Treatment intensification followed by interleukin-7 reactivates HIV without reducing total HIV DNA: A randomized trial

Christine Katlama*, Sidonie Lambert-Niclot, Lambert Assoumou, Laura Papagno, Francois Lecardonnel, Rima Zoorob, Giuseppe Tambussi, Bonaventura Clotet, Mike Youle, Chad J. Achenbach, Robert L. Murphy, Vincent Calvez, Dominique Costagliola, Brigitte Autran

*Corresponding author for this work

Research output: Contribution to journalArticlepeer-review

58 Scopus citations


Background: As a first step towards HIV cure, we assessed a strategy of antiretroviral therapy (ART) intensification followed by interleukin-7 (IL-7) used as an HIV-reactivating agent. Methods: A multicentre, randomized clinical trial included patients on suppressive ART with CD4 cell counts at least 350/ml and HIV-DNA between 10 and 1000 copies/106 peripheral blood mononuclear cells (PBMCs). After an 8-week raltegravir and maraviroc intensification, patients were randomized to intensification alone or with 3 weekly IL-7 injections at weeks 8, 9 and 10. The primary endpoint was at least 0.5 log10 decrease in HIV-DNA in PBMC at W56. Secondary endpoints included ultrasensitive plasma viremia, immunologic changes and safety. Results: Twenty-nine patients were enrolled with median baseline 558 CD4 cell counts/ml, 360 HIV-DNA copies/106 PBMCs and 12 years on ART. No patient in either arm achieved the primary endpoint. Addition of IL-7 induced a significant expansion of CD4+ T cells, primarily central-memory cells (+5%, P=0.001) at week 12, together with an increase in levels of HIV-DNA/106 PBMC (+0.28 log10 copies/P=0.001), and the proportion of patients with detectable ultrasensitive plasma HIV-RNA increased compared with week 8 (P=0.07). At weeks 56 and 80, total and memory CD4+ cell counts and total HIV-DNA/ml of blood remained elevated. In contrast, HIV-DNA/million PBMC and plasma viremia returned to baseline levels whereas activated HLADR+CD4+ T cells significantly decreased. Conclusion: IL-7 administration and dual ART intensification induced, despite a mild HIV reactivation, an amplification of the HIV reservoir, as a result of central-memory CD4+ T-cell expansion, thus limiting this IL-7 based strategy.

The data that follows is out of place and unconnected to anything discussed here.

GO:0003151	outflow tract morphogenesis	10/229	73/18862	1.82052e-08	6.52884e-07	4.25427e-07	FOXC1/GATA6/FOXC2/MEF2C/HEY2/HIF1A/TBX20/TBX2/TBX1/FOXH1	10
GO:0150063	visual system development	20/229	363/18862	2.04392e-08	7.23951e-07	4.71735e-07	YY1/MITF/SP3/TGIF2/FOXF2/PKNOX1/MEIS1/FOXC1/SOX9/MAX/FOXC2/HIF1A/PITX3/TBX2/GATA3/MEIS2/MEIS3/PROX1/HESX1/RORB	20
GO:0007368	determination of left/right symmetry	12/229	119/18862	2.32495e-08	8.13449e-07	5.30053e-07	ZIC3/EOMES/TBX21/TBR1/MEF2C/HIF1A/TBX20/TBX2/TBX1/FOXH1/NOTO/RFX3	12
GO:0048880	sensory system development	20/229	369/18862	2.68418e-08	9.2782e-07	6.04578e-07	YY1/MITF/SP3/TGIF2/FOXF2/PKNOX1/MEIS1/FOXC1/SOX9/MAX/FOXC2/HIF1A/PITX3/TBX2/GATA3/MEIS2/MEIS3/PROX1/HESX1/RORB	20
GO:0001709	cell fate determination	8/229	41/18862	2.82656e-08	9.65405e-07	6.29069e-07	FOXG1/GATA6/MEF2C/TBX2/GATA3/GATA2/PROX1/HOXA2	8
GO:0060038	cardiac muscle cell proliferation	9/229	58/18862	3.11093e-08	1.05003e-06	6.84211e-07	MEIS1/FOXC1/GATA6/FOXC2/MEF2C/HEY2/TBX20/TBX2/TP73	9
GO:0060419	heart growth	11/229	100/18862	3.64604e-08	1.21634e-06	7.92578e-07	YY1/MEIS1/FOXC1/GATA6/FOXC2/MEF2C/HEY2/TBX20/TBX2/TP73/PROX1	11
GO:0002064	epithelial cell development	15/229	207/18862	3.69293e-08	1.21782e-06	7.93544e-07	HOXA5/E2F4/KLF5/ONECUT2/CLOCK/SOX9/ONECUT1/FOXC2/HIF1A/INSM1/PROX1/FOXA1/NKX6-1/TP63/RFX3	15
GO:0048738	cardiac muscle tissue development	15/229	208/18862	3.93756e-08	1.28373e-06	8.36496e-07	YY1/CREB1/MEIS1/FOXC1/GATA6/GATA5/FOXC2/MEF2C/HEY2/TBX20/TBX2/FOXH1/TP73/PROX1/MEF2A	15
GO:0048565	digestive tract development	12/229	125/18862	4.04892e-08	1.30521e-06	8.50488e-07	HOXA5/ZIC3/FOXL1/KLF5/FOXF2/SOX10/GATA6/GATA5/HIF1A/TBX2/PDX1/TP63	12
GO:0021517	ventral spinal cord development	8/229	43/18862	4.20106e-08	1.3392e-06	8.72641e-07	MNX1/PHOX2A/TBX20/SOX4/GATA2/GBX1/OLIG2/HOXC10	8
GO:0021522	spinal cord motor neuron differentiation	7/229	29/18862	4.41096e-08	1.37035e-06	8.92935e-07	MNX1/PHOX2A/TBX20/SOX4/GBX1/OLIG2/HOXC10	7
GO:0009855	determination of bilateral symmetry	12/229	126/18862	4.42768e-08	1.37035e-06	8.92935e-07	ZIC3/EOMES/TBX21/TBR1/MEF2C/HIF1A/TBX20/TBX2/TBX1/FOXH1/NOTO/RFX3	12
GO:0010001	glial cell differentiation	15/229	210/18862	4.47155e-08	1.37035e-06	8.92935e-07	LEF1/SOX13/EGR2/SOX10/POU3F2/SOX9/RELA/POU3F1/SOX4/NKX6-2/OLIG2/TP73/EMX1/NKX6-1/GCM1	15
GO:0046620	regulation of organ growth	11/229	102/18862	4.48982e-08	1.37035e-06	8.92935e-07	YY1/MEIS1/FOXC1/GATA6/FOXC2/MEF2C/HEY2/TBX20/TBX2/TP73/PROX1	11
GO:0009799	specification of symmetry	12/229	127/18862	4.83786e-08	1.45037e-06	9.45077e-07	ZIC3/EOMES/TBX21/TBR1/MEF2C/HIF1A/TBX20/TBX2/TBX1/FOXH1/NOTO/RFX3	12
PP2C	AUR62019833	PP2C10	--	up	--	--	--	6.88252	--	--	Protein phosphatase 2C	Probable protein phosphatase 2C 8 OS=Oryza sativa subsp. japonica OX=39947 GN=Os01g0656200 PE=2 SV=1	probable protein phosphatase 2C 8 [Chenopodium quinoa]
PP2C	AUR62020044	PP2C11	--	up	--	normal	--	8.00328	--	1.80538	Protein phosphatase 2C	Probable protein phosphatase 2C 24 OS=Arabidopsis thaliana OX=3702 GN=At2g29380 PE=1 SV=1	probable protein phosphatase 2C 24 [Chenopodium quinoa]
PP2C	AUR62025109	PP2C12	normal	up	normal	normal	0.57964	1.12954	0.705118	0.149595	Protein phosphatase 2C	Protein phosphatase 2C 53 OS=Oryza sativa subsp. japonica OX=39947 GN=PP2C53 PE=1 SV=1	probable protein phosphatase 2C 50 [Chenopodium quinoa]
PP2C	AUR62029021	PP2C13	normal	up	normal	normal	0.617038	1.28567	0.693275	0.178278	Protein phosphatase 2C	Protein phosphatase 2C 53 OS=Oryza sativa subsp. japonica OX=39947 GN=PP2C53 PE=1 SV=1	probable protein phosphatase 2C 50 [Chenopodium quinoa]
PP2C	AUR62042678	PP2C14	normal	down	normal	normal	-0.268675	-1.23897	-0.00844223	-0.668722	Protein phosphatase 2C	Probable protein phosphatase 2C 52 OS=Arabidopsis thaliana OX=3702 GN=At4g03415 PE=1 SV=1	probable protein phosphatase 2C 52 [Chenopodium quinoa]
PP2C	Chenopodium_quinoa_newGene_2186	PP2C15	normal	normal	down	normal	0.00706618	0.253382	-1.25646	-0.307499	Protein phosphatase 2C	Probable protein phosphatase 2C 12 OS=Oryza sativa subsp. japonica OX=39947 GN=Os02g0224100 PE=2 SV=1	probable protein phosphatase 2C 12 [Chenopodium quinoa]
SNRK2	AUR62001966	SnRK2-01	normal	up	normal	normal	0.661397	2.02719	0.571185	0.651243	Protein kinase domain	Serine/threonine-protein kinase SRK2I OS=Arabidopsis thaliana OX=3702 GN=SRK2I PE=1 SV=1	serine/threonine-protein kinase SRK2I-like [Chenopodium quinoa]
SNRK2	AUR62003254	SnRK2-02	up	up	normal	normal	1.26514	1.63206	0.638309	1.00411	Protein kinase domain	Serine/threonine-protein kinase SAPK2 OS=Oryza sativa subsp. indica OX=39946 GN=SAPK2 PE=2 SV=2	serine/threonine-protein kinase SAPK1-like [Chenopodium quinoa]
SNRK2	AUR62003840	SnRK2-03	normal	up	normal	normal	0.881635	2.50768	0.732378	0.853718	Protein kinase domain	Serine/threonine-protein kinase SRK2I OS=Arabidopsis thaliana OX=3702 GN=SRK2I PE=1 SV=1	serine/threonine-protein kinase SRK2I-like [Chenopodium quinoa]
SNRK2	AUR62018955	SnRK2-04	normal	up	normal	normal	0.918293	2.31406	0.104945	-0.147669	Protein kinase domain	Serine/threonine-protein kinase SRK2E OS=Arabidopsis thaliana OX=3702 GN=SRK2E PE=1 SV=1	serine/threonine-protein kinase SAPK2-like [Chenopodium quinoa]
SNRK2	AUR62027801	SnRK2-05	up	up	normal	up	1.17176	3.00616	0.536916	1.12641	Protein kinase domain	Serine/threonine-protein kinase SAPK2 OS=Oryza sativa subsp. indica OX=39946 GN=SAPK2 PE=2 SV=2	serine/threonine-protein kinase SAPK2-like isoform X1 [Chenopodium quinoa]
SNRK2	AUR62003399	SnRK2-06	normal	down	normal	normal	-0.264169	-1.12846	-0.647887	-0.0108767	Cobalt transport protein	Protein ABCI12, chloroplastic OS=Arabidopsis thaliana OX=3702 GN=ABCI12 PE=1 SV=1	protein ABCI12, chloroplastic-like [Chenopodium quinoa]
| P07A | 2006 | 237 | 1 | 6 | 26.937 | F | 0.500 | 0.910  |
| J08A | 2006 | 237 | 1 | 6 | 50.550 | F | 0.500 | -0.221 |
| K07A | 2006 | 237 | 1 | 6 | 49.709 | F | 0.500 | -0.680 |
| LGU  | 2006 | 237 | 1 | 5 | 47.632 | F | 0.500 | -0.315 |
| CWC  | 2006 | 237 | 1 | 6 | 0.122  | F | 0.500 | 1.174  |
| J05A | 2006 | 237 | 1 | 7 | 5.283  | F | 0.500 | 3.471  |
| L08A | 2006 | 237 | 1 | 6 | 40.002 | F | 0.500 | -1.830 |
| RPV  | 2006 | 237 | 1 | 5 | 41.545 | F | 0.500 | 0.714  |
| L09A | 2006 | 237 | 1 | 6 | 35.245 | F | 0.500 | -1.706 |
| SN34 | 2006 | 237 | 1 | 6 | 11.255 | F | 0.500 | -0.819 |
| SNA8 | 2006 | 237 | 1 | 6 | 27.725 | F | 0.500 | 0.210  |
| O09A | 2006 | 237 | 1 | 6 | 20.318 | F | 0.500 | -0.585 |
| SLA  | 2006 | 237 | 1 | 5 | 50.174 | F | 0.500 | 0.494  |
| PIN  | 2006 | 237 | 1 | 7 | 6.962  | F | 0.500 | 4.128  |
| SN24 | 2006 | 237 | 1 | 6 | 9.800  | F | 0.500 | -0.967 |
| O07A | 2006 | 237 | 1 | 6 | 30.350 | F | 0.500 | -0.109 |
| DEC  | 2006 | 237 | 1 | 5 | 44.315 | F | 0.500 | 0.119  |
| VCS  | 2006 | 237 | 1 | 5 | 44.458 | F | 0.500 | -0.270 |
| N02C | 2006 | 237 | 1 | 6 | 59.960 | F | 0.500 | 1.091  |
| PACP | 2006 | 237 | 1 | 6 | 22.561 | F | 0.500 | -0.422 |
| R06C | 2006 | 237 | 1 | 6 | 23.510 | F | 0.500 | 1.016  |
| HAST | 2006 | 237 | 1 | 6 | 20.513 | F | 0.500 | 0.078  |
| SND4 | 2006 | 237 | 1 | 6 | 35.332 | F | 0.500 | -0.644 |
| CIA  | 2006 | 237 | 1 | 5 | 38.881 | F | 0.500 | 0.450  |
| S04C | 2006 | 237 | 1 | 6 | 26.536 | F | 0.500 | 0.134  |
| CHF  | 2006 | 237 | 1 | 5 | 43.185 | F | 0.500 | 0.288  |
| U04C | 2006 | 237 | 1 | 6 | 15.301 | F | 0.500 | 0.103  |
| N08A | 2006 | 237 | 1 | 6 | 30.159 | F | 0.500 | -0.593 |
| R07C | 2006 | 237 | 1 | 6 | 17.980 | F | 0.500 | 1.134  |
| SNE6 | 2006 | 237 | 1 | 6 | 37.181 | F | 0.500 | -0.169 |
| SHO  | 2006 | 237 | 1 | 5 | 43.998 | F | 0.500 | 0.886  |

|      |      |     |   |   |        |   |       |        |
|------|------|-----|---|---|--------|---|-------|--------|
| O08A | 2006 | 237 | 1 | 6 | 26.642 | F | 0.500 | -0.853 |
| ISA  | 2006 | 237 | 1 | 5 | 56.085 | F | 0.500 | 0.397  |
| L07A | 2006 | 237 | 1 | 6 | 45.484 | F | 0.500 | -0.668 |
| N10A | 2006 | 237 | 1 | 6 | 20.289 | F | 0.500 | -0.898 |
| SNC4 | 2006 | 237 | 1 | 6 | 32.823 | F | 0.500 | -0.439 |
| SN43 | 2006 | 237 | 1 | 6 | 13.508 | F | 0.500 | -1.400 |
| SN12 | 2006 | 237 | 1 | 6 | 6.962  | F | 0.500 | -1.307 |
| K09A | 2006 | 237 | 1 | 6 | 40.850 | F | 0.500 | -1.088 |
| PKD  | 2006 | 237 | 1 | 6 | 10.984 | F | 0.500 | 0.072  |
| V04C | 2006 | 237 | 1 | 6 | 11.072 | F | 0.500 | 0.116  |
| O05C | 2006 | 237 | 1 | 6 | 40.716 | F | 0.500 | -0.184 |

Original languageEnglish (US)
Pages (from-to)221-230
Number of pages10
Issue number2
StatePublished - 2016


  • Antiretroviral therapy intensification
  • HIV cure
  • HIV eradication
  • immune modulation
  • interleukin-7
  • maraviroc
  • raltegravir

ASJC Scopus subject areas

  • Infectious Diseases
  • Immunology and Allergy
  • Immunology


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